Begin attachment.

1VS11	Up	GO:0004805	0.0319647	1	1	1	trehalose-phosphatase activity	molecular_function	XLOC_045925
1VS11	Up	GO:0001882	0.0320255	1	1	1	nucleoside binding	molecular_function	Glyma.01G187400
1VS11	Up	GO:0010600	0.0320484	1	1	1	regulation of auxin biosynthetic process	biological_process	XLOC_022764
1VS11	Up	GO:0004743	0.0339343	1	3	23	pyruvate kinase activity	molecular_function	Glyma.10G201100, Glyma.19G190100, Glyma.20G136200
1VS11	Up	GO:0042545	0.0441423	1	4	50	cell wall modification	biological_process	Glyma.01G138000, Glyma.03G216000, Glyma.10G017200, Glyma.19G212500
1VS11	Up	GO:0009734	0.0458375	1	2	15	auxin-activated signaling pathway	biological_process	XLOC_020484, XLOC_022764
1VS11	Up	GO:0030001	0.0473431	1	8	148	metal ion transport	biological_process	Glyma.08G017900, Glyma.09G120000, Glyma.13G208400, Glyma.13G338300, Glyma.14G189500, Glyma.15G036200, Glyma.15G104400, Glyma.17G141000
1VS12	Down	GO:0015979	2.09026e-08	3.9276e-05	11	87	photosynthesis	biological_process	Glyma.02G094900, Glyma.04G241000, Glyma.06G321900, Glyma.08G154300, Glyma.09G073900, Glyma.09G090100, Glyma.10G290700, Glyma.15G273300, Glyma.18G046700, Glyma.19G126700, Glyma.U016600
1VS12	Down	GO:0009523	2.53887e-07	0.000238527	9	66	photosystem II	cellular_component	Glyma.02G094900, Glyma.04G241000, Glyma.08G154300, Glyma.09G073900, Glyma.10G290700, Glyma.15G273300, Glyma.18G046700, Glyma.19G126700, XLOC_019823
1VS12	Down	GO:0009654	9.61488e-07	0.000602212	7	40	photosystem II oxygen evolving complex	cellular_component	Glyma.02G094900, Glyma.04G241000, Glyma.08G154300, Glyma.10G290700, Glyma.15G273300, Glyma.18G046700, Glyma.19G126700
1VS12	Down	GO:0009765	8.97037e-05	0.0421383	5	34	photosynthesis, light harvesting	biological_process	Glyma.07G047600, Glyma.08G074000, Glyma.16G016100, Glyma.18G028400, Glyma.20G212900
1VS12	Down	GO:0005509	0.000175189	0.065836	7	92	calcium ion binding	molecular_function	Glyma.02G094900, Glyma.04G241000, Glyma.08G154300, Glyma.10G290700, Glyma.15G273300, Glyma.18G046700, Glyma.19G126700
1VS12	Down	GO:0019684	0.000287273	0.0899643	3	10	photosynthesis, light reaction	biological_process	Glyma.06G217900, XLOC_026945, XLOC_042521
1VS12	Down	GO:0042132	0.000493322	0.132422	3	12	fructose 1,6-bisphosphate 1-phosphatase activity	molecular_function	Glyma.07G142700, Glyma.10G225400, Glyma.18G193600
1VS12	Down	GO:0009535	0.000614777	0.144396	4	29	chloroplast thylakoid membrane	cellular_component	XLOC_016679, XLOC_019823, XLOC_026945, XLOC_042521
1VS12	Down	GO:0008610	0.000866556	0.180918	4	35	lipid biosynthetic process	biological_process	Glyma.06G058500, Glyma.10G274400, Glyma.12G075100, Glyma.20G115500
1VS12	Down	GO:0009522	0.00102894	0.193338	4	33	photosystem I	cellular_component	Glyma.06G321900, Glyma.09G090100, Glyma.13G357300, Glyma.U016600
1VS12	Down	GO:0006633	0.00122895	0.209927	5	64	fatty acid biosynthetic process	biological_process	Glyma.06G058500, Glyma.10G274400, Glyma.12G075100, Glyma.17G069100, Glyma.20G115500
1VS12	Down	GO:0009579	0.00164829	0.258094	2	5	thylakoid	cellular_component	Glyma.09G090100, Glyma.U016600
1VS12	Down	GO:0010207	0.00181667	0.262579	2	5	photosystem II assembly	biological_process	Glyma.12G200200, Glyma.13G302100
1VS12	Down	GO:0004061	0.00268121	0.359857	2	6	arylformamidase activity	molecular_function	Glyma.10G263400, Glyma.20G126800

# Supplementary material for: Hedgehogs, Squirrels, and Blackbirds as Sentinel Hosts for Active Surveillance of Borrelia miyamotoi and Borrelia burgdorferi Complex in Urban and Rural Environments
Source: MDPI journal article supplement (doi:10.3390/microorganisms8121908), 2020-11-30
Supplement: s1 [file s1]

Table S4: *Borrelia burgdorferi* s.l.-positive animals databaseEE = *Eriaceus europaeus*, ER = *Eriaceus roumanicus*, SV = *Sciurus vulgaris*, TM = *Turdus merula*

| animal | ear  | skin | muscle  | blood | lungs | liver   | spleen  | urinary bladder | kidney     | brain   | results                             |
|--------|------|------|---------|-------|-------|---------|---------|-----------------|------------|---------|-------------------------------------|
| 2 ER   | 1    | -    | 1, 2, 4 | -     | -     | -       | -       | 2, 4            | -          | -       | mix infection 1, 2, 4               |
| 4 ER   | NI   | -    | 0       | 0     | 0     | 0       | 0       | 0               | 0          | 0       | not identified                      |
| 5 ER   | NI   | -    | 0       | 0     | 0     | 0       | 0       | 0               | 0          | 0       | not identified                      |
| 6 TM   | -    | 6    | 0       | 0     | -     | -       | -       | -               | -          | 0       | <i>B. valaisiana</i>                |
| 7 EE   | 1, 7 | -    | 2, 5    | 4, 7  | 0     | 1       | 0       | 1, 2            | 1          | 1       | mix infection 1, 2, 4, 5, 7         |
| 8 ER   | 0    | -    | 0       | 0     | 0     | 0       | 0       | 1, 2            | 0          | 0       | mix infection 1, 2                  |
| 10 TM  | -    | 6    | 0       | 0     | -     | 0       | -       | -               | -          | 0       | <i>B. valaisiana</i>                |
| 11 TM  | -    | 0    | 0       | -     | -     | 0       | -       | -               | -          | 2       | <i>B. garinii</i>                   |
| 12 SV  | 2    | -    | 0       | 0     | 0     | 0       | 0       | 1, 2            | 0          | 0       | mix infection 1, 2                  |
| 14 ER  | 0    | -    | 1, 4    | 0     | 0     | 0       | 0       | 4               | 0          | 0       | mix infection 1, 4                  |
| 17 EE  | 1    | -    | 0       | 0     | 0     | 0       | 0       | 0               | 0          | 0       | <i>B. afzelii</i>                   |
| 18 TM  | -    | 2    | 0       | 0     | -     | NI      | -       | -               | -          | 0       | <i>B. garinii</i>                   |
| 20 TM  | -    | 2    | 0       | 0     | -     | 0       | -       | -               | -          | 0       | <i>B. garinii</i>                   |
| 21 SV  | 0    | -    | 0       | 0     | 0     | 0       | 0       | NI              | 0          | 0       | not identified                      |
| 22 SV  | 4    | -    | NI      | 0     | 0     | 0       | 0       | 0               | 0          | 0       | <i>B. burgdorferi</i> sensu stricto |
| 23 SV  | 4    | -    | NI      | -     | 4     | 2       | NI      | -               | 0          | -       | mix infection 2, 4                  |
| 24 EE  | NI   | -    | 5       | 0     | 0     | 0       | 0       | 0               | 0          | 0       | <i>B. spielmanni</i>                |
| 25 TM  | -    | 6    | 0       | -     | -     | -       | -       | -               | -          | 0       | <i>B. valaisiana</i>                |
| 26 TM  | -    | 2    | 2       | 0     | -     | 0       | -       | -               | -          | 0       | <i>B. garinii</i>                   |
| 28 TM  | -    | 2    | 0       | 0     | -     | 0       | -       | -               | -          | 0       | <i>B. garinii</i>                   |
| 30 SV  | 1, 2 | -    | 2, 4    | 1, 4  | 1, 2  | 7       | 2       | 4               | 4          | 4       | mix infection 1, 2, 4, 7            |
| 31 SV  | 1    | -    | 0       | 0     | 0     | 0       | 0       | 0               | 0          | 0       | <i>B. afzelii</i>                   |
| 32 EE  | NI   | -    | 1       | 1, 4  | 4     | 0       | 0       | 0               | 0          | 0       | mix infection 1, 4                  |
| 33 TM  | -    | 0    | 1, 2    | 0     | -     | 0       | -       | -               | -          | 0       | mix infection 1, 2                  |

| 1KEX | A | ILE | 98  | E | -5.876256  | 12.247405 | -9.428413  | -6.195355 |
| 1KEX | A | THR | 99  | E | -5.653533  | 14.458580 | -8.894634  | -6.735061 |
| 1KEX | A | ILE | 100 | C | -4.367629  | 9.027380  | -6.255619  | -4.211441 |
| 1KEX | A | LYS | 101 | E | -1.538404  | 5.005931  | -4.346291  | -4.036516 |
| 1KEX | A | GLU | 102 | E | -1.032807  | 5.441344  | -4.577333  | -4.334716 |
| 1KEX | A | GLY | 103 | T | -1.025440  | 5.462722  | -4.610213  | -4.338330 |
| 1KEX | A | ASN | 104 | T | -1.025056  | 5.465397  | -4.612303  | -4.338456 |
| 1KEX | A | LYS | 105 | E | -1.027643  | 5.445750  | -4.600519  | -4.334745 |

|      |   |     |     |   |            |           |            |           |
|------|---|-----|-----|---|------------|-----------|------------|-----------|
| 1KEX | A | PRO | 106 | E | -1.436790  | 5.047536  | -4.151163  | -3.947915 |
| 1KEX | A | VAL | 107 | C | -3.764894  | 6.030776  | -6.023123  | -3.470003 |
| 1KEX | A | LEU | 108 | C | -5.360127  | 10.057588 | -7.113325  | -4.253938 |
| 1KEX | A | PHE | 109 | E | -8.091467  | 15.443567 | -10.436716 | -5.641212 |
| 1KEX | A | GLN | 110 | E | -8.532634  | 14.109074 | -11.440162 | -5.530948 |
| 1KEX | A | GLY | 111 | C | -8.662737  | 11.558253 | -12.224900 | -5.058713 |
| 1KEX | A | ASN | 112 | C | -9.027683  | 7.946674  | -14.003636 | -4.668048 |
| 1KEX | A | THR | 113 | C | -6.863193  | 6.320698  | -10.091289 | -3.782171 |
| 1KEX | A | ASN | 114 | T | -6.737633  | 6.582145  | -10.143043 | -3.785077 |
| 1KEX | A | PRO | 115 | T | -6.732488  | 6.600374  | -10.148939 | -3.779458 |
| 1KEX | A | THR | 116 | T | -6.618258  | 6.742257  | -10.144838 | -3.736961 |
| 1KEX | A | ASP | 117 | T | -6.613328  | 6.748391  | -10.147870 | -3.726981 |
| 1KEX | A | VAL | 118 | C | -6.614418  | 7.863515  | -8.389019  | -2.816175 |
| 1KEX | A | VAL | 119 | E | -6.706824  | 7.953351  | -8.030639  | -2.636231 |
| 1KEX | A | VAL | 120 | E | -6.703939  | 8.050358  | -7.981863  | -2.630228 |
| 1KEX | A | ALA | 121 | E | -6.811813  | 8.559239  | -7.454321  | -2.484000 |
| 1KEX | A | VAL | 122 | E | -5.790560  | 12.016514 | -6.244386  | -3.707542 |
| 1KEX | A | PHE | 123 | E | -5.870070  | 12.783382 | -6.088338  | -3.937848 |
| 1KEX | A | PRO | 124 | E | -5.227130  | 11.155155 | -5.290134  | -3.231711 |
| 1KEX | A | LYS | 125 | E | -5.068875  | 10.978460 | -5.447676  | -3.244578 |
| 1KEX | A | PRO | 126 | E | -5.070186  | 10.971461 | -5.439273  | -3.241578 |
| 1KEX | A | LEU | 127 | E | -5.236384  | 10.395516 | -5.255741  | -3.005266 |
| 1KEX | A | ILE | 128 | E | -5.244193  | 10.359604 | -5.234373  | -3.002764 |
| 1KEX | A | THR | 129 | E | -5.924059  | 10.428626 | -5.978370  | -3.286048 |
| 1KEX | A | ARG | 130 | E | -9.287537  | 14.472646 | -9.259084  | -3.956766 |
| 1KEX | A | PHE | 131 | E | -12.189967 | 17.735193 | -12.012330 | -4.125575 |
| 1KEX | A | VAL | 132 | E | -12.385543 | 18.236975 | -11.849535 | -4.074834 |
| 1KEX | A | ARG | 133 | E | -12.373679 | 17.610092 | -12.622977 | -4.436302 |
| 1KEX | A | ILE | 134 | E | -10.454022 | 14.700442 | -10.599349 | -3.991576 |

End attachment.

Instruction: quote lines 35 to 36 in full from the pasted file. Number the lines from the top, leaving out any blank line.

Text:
| 11 TM  | -    | 0    | 0       | -     | -     | 0       | -       | -               | -          | 2       | <i>B. garinii</i>                   |
| 12 SV  | 2    | -    | 0       | 0     | 0     | 0       | 0       | 1, 2            | 0          | 0       | mix infection 1, 2                  |